A summary of the median VAS scores for each post-simulation survey statement, categorized by level of training and mode of simulation, are shown in Tables 2-3, respectively. Because some participants failed to respond to every statement and because the survey was expanded after the first three simulations, not every statement received 24 responses. There were no statistically significant differences in VAS scores between participants who completed a laparoscopic myomectomy compared to the robot-assisted myomectomy. In general, resident and attending surgeon responses to survey statements were comparable, though attendings scored the surgical (tactile) feedback offered by the model significantly more highly than residents; this was the only statistically significant difference between resident and attending VAS scores (4 vs 3, p=0.035).
The percentage of positive responses to survey statements, categorized by level of expertise, can be seen in Table 4. The majority of both resident and attending surgeons found the model to be realistic (75% and 83%, respectively). Additionally, 92% of all participants thought the model looked like human tissue and 96% agreed the model accurately represented human anatomy. For dissection of the myoma, 64% of all subjects found the model to be realistic, while 45% said the same of the uterine repair. Among attendings, 88% felt the model included the critical steps of a myomectomy. Importantly, 94% of residents agreed the model was a useful tool for practicing uterine myomectomy.
The bleeding feature of the model functioned as intended in 67% (n=16/24) of simulation sessions. There was no significant difference in VAS scores of face validity between respondents whose model bled compared to those whose model did not. However, compared to non-bleeding models, those that bled received significantly higher median VAS scores for the question of whether the simulation included all of the critical steps of the procedure (4 vs 5, p=0.01).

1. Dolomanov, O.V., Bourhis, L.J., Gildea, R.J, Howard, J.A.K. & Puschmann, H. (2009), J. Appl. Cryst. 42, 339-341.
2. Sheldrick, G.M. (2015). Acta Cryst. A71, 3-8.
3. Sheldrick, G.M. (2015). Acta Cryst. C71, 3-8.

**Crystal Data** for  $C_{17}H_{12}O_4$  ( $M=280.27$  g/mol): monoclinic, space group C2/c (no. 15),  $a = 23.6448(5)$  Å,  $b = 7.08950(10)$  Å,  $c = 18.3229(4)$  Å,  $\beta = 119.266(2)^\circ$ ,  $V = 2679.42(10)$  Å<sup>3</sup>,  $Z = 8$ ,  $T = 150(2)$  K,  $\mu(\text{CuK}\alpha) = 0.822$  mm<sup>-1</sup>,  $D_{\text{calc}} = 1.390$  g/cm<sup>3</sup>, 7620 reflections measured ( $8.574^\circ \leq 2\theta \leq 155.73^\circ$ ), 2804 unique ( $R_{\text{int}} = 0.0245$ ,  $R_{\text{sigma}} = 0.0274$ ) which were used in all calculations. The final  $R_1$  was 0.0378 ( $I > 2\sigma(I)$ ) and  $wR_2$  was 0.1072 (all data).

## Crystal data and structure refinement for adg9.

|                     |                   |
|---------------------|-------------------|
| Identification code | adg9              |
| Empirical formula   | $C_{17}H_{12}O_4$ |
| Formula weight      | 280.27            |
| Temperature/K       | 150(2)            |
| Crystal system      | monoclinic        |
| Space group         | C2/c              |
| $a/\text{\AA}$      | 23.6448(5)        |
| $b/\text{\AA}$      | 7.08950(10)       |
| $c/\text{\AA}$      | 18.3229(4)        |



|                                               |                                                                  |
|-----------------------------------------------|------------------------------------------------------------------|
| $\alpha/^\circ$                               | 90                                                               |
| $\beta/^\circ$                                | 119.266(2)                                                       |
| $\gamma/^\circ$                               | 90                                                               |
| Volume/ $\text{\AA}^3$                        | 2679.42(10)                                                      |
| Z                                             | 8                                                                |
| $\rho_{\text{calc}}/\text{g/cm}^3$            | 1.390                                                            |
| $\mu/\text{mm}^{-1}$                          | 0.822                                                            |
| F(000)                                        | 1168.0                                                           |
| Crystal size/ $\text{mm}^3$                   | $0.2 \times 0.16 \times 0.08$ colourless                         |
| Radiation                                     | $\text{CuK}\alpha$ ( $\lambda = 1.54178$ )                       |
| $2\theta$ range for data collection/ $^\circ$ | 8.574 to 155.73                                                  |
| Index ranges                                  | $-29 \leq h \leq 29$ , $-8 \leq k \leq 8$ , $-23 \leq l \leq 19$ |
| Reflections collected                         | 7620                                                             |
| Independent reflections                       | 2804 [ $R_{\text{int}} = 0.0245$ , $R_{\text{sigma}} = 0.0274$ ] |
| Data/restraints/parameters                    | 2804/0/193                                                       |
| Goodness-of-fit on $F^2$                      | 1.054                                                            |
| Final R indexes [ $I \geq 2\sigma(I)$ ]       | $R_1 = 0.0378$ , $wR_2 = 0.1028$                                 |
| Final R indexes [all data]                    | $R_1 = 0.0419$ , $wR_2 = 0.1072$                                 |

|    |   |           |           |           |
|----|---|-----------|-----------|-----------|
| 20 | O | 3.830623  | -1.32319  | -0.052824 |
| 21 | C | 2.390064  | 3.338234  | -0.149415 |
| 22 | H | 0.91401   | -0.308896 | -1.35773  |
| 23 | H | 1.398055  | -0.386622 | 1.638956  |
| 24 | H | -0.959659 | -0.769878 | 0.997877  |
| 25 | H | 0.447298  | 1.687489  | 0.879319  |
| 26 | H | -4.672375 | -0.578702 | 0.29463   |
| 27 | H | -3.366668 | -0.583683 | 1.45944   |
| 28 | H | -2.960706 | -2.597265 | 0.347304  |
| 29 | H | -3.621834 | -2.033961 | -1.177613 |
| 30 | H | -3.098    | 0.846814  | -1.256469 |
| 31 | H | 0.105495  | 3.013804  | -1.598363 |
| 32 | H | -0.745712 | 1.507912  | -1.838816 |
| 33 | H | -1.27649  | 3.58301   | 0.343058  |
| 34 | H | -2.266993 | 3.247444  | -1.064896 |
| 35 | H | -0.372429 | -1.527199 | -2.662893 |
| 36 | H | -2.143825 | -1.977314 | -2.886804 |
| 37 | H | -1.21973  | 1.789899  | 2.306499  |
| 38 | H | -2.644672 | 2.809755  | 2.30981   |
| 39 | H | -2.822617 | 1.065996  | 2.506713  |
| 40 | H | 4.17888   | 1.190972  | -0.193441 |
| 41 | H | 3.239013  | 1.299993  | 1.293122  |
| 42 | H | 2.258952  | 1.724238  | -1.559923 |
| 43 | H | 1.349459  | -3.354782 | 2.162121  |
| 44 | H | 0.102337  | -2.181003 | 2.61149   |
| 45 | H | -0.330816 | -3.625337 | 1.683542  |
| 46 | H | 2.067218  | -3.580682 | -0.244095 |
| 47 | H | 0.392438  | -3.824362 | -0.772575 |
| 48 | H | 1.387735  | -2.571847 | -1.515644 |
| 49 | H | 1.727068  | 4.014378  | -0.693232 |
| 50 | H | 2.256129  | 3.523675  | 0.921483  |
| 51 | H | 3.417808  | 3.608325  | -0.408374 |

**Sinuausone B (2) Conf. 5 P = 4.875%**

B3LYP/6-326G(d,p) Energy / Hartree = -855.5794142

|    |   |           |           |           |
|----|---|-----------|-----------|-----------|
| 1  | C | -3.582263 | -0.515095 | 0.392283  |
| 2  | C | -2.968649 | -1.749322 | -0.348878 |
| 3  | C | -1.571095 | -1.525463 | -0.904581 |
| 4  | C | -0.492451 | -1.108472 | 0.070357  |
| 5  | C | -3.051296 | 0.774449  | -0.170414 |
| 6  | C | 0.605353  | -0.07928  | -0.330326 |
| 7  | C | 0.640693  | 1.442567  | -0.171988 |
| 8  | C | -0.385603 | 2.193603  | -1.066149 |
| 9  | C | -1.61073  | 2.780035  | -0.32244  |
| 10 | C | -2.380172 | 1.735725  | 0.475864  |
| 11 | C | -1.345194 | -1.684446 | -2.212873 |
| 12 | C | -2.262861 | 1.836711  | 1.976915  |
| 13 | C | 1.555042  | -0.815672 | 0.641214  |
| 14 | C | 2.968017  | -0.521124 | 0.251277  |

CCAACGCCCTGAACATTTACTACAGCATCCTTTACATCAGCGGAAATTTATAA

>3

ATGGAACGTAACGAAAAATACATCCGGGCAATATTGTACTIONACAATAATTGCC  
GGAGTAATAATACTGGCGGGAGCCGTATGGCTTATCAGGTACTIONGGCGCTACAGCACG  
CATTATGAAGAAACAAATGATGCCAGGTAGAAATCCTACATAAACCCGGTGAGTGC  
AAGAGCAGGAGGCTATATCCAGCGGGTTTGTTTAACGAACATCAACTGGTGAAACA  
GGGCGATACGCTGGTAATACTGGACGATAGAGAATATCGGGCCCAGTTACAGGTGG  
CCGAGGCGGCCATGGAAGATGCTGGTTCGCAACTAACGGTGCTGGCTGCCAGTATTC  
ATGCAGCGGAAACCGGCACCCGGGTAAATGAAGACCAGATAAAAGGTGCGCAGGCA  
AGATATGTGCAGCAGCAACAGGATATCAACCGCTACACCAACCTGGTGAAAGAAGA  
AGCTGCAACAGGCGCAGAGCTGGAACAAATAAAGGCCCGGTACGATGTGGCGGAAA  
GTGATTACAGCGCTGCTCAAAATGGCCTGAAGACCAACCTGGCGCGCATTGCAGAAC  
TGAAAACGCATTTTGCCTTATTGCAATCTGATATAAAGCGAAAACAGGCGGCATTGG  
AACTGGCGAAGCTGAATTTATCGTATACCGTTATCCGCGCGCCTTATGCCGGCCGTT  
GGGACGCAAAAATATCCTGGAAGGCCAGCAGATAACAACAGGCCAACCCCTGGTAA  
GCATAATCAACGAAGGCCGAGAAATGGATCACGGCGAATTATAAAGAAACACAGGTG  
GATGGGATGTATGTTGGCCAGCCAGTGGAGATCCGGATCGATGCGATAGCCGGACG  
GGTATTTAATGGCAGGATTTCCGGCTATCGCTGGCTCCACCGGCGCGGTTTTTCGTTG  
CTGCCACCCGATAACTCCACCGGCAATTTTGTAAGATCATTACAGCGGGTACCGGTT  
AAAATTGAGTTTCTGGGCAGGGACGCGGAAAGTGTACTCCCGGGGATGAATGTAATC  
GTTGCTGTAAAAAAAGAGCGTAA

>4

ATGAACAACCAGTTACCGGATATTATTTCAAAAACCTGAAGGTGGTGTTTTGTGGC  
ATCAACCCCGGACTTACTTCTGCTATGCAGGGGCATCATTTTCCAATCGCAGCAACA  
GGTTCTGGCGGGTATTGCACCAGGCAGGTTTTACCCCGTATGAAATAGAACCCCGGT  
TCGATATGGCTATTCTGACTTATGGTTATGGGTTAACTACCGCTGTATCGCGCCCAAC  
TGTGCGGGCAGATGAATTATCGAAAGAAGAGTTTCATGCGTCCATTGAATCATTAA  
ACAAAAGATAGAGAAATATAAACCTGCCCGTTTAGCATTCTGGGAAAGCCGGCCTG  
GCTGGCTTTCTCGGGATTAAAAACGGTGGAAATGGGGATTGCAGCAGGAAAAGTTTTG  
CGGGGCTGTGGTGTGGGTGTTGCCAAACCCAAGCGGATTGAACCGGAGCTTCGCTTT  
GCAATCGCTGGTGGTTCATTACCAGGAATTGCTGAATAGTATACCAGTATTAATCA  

In this initial pilot study, assessment of our model’s face validity was promising. While the majority of the respondents were residents, who would not be considered experts in minimally invasive myomectomies, these senior residents had experience performing a variety of gynecologic procedures. We believe this confers the ability to assess the face validity of a female pelvic simulation model.
Findings regarding the model’s content validity were also encouraging, with the majority of subjects agreeing the simulation included the key surgical steps and would enhance their comfort performing the procedure (residents) or allowing a trainee to do so (attendings) in the OR. One participant remarked, “finding the plane of dissection is the most challenging part for (the real surgery) and (the model) accurately represented that.” Participants also noted the model is “useful for practicing fine skills, movements, and suturing” and described it as a “very useful teaching tool.”
It is interesting to note that attending surgeons rated the tactile feedback significantly more positively than the resident survey participants. We postulate that this may be due to the fact that attending surgeons have simply operated on a wider variety of tissue types and are better able to adapt and respond to a tissue that is not stereotypical. As such, the slightly more rigid tissue of our model did not negatively impact their perception of the model's haptic feedback.